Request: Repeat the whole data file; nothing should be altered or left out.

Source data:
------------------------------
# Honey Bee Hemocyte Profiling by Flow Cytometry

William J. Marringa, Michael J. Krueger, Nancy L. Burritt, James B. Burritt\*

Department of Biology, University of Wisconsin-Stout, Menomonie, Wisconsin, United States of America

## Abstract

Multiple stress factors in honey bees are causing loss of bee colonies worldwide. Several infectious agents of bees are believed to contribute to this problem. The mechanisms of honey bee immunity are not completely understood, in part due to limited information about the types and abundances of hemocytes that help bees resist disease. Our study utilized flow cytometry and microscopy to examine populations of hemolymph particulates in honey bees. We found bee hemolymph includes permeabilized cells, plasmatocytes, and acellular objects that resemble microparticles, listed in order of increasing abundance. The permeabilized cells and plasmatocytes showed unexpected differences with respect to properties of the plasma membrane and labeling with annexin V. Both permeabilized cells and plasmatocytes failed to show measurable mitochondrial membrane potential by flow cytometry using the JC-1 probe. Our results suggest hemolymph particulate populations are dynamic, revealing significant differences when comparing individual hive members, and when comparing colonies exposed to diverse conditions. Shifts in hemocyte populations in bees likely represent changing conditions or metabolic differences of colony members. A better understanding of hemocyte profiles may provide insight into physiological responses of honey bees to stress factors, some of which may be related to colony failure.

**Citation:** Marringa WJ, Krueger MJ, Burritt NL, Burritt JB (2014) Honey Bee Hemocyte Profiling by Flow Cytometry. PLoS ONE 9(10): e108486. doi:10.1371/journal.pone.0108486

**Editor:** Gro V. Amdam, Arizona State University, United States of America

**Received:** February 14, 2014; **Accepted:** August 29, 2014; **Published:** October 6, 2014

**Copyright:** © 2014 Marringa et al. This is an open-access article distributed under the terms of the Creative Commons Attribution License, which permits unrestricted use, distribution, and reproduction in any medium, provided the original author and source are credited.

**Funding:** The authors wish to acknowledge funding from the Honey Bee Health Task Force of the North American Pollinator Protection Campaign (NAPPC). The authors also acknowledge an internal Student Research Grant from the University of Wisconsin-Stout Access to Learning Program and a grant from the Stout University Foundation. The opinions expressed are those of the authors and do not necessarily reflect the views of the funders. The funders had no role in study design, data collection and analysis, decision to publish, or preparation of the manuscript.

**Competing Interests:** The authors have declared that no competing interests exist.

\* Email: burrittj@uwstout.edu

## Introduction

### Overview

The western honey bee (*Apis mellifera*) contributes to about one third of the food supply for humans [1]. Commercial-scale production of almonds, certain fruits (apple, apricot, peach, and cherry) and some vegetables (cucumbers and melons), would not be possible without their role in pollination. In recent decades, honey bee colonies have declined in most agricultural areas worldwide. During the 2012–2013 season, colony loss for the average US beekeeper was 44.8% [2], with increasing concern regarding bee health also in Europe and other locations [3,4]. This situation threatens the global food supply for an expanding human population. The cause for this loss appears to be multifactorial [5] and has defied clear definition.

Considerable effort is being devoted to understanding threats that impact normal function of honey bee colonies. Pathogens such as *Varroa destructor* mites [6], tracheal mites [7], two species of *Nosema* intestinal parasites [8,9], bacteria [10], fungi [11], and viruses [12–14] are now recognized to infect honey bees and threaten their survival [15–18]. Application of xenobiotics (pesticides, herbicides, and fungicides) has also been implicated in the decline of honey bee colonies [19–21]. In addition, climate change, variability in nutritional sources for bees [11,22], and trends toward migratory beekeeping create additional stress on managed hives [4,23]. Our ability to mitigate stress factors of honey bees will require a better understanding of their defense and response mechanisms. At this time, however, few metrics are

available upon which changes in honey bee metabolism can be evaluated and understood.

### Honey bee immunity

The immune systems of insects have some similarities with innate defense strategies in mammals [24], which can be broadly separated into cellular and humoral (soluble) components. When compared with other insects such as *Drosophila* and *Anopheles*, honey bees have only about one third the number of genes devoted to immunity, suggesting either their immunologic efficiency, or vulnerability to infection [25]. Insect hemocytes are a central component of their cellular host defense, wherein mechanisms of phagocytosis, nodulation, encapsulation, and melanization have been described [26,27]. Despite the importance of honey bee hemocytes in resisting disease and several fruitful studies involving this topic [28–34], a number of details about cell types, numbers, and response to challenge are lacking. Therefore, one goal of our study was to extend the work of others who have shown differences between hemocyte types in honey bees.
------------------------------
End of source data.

# Honey Bee Hemocyte Profiling by Flow Cytometry

William J. Marringa, Michael J. Krueger, Nancy L. Burritt, James B. Burritt\*

Department of Biology, University of Wisconsin-Stout, Menomonie, Wisconsin, United States of America

## Abstract

Multiple stress factors in honey bees are causing loss of bee colonies worldwide. Several infectious agents of bees are believed to contribute to this problem. The mechanisms of honey bee immunity are not completely understood, in part due to limited information about the types and abundances of hemocytes that help bees resist disease. Our study utilized flow cytometry and microscopy to examine populations of hemolymph particulates in honey bees. We found bee hemolymph includes permeabilized cells, plasmatocytes, and acellular objects that resemble microparticles, listed in order of increasing abundance. The permeabilized cells and plasmatocytes showed unexpected differences with respect to properties of the plasma membrane and labeling with annexin V. Both permeabilized cells and plasmatocytes failed to show measurable mitochondrial membrane potential by flow cytometry using the JC-1 probe. Our results suggest hemolymph particulate populations are dynamic, revealing significant differences when comparing individual hive members, and when comparing colonies exposed to diverse conditions. Shifts in hemocyte populations in bees likely represent changing conditions or metabolic differences of colony members. A better understanding of hemocyte profiles may provide insight into physiological responses of honey bees to stress factors, some of which may be related to colony failure.

**Citation:** Marringa WJ, Krueger MJ, Burritt NL, Burritt JB (2014) Honey Bee Hemocyte Profiling by Flow Cytometry. PLoS ONE 9(10): e108486. doi:10.1371/journal.pone.0108486

**Editor:** Gro V. Amdam, Arizona State University, United States of America

**Received:** February 14, 2014; **Accepted:** August 29, 2014; **Published:** October 6, 2014

**Copyright:** © 2014 Marringa et al. This is an open-access article distributed under the terms of the Creative Commons Attribution License, which permits unrestricted use, distribution, and reproduction in any medium, provided the original author and source are credited.

**Funding:** The authors wish to acknowledge funding from the Honey Bee Health Task Force of the North American Pollinator Protection Campaign (NAPPC). The authors also acknowledge an internal Student Research Grant from the University of Wisconsin-Stout Access to Learning Program and a grant from the Stout University Foundation. The opinions expressed are those of the authors and do not necessarily reflect the views of the funders. The funders had no role in study design, data collection and analysis, decision to publish, or preparation of the manuscript.

**Competing Interests:** The authors have declared that no competing interests exist.

\* Email: burrittj@uwstout.edu

## Introduction

### Overview

The western honey bee (*Apis mellifera*) contributes to about one third of the food supply for humans [1]. Commercial-scale production of almonds, certain fruits (apple, apricot, peach, and cherry) and some vegetables (cucumbers and melons), would not be possible without their role in pollination. In recent decades, honey bee colonies have declined in most agricultural areas worldwide. During the 2012–2013 season, colony loss for the average US beekeeper was 44.8% [2], with increasing concern regarding bee health also in Europe and other locations [3,4]. This situation threatens the global food supply for an expanding human population. The cause for this loss appears to be multifactorial [5] and has defied clear definition.

Considerable effort is being devoted to understanding threats that impact normal function of honey bee colonies. Pathogens such as *Varroa destructor* mites [6], tracheal mites [7], two species of *Nosema* intestinal parasites [8,9], bacteria [10], fungi [11], and viruses [12–14] are now recognized to infect honey bees and threaten their survival [15–18]. Application of xenobiotics (pesticides, herbicides, and fungicides) has also been implicated in the decline of honey bee colonies [19–21]. In addition, climate change, variability in nutritional sources for bees [11,22], and trends toward migratory beekeeping create additional stress on managed hives [4,23]. Our ability to mitigate stress factors of honey bees will require a better understanding of their defense and response mechanisms. At this time, however, few metrics are

available upon which changes in honey bee metabolism can be evaluated and understood.

### Honey bee immunity

The immune systems of insects have some similarities with innate defense strategies in mammals [24], which can be broadly separated into cellular and humoral (soluble) components. When compared with other insects such as *Drosophila* and *Anopheles*, honey bees have only about one third the number of genes devoted to immunity, suggesting either their immunologic efficiency, or vulnerability to infection [25]. Insect hemocytes are a central component of their cellular host defense, wherein mechanisms of phagocytosis, nodulation, encapsulation, and melanization have been described [26,27]. Despite the importance of honey bee hemocytes in resisting disease and several fruitful studies involving this topic [28–34], a number of details about cell types, numbers, and response to challenge are lacking. Therefore, one goal of our study was to extend the work of others who have shown differences between hemocyte types in honey bees.